If you are in a large motorhome, we would strongly suggest visiting Vesuvius first as you will be able to park without a problem. This means being there at 9am sharp. The parking for motorhomes at Pompeii is larger with many more spaces.
Hotels & Parking at Pompeii
Park your car or campervan at Camping Zues, literally a 5 minute walk from the entrance to the Pompeii archaeological site. The cost is €5/€8 per hour for parking a car or motorhome (on a campsite pitch) respectively. The entrance is manned and the site is very secure. It is a 500m walk to the entrance of Pompeii from here.
You can also stay the night at Camping Zeus if your preference is to visit Pompeii first. The cost for an overnight stay in a campervan or motorhome with EHU is around €20 in low season. This also includes a free pass for the ZTL (low emissions) in Pompeii for motorhomes over 7m. You can pitch a tent here too for around €15 a night.
If you prefer a bricks and mortar hotel for your Pompeii stay, we suggest Hotel Zeus …on the same site as the parking and campsite, this simple hotel offers everything you need for an overnight stay on the doorstep of Pompeii and the Pompei Scavi-Villa dei Misteri train station, if you’re thinking of using public transport.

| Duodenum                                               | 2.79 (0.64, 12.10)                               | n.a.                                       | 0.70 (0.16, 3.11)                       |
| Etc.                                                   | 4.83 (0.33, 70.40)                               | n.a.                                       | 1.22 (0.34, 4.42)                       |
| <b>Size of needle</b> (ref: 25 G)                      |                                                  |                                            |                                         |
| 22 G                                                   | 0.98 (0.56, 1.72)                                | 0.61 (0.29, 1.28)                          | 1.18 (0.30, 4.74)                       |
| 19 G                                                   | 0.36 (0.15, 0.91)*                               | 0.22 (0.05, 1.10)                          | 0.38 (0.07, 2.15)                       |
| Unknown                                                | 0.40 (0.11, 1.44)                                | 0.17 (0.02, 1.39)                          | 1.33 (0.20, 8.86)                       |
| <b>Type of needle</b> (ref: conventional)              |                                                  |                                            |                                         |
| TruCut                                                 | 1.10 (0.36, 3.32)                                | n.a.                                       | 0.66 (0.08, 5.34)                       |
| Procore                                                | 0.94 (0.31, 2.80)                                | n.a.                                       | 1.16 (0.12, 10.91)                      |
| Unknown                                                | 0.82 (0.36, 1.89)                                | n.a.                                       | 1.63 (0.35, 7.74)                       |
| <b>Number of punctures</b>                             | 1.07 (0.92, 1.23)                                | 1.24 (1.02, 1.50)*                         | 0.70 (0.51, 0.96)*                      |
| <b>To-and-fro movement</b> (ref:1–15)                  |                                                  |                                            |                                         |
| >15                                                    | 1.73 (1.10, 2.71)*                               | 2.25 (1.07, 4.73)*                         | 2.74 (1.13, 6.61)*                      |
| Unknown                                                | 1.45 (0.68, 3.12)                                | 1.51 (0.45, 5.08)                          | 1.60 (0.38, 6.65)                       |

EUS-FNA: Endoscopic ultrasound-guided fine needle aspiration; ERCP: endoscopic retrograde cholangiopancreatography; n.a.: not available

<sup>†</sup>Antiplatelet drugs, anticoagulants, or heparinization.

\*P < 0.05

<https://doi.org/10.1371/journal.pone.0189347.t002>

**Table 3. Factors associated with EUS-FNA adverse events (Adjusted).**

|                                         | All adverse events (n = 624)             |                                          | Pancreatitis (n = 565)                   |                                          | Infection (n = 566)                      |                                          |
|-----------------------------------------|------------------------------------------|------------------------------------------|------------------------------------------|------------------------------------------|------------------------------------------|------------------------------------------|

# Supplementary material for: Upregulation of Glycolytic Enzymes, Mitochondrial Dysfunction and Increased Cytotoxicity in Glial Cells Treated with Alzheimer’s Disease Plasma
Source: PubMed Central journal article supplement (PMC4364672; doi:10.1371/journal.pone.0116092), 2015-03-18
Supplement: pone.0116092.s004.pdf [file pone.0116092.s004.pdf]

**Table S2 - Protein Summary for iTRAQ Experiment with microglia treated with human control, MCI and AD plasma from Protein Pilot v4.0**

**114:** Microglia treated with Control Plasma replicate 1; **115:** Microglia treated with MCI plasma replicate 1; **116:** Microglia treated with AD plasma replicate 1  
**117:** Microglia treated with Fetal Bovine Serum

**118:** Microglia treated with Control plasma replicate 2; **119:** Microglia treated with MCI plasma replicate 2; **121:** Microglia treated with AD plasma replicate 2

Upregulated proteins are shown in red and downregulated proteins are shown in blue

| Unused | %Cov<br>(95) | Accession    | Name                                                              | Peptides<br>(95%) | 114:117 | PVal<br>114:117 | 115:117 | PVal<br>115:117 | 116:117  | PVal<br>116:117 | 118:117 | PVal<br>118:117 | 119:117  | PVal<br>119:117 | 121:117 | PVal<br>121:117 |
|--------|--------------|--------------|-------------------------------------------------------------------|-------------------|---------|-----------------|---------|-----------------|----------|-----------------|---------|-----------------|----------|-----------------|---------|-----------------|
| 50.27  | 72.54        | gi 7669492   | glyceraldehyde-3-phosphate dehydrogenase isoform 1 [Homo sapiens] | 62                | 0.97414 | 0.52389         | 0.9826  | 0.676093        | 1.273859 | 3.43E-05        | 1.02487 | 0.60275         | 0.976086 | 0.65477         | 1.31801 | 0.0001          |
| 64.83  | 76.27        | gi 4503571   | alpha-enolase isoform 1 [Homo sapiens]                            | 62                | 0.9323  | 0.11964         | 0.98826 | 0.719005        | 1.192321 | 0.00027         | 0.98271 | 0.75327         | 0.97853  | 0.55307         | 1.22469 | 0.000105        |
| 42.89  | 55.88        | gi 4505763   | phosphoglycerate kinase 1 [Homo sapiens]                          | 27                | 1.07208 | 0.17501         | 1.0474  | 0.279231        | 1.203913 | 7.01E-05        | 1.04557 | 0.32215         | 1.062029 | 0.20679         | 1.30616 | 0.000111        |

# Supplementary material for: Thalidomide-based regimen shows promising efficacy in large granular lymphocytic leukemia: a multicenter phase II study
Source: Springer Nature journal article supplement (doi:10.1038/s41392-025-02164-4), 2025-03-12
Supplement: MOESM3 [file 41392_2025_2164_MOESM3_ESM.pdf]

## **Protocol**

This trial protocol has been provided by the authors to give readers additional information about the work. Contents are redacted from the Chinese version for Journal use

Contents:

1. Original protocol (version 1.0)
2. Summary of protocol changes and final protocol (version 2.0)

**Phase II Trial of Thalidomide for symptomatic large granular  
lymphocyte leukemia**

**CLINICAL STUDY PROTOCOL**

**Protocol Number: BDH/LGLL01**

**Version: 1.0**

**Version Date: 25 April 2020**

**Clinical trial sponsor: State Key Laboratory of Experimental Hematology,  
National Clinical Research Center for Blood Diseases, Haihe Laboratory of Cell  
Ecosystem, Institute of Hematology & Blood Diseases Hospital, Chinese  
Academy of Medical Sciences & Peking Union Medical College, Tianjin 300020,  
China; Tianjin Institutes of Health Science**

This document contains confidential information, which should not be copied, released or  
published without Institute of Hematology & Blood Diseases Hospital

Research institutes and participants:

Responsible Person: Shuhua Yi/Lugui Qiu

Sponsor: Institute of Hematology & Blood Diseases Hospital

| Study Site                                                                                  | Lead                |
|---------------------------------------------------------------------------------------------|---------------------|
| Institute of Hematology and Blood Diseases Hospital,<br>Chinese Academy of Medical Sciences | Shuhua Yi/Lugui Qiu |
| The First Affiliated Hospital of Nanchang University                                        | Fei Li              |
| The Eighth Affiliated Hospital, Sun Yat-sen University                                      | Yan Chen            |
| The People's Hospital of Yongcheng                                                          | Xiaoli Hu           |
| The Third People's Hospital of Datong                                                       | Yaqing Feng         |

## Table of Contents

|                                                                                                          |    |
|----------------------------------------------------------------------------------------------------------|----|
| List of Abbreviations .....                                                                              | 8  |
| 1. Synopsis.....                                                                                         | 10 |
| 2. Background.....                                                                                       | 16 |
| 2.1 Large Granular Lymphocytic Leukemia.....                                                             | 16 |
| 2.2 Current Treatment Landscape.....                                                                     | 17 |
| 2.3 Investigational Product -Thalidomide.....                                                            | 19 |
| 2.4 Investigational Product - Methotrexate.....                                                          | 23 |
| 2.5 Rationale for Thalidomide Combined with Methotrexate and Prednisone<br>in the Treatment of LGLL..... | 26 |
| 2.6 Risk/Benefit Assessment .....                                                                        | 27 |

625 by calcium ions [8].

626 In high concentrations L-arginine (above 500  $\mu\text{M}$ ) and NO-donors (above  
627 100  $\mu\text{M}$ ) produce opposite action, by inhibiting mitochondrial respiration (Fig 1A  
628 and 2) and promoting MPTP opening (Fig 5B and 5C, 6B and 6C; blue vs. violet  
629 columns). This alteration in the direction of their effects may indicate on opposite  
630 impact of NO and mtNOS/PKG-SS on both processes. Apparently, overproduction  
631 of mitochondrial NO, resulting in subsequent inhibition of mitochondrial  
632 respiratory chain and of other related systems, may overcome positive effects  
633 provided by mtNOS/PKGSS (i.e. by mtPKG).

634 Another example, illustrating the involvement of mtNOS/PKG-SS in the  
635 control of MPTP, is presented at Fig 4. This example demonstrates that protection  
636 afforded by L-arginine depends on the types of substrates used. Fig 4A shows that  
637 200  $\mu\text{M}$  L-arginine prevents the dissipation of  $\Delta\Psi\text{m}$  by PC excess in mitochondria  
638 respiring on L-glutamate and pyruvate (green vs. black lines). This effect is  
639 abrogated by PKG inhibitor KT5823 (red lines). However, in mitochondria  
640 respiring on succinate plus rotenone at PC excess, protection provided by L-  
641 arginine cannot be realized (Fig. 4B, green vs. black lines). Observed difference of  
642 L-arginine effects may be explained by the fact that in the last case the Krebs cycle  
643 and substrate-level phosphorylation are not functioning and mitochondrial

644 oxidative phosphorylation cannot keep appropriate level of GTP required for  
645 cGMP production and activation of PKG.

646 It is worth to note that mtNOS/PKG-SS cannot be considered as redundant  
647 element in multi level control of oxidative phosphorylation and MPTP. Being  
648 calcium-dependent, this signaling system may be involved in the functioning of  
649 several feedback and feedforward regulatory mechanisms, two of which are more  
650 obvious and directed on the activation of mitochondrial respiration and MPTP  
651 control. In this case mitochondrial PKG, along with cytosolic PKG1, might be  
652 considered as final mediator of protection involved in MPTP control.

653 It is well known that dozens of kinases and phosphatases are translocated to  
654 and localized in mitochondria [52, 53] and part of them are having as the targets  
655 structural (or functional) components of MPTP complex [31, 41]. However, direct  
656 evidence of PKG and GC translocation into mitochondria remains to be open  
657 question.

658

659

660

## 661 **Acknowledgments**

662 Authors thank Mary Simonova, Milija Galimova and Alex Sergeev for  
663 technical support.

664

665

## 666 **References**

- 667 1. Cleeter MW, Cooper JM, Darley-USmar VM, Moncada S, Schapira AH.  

If all of this seems like too much effort, consider guided tours or day trips from Naples or Sorento.
Visiting Pompeii & Mount Vesuvius
It is entirely possible to see both Mount Vesuvius and Pompeii in a one day trip. The downside to this is that whichever one you visit second will be very busy by the time you get there. You could take a long lunch and visit your second option later in the afternoon but be mindful of closing times and any onward journey arrangements.
When is the best time to visit Mount Vesuvius?
You can visit Vesuvius at any time of the year. Check the weather first as there may be snow or high winds; the summit will be closed to visitors if the guides consider the conditions dangerous.
If you want the spectacular views of the Bay of Naples, April to September will be best and early in the day, as often cloud will form around lunchtime.
Be aware that it will be super busy in July and August.
Vesuvius opening hours are:
- January, February, November, December: 09:00-15:00
- March and October: 09:00-16:00
- April, May, June and September: 09:00-17:00
- July and August: 09:00-18:00
- Mount Vesuvius is closed on 25th December, 1st January, 1st May
What do I need to visit Mount Vesuvius?
- Warm clothing; don’t make the mistake of going in August and thinking it will be hot. You will be at an altitude of 1300m, expect it to be chilly even when it’s hot in Naples.
- Decent footwear – sturdy trainers would be suitable.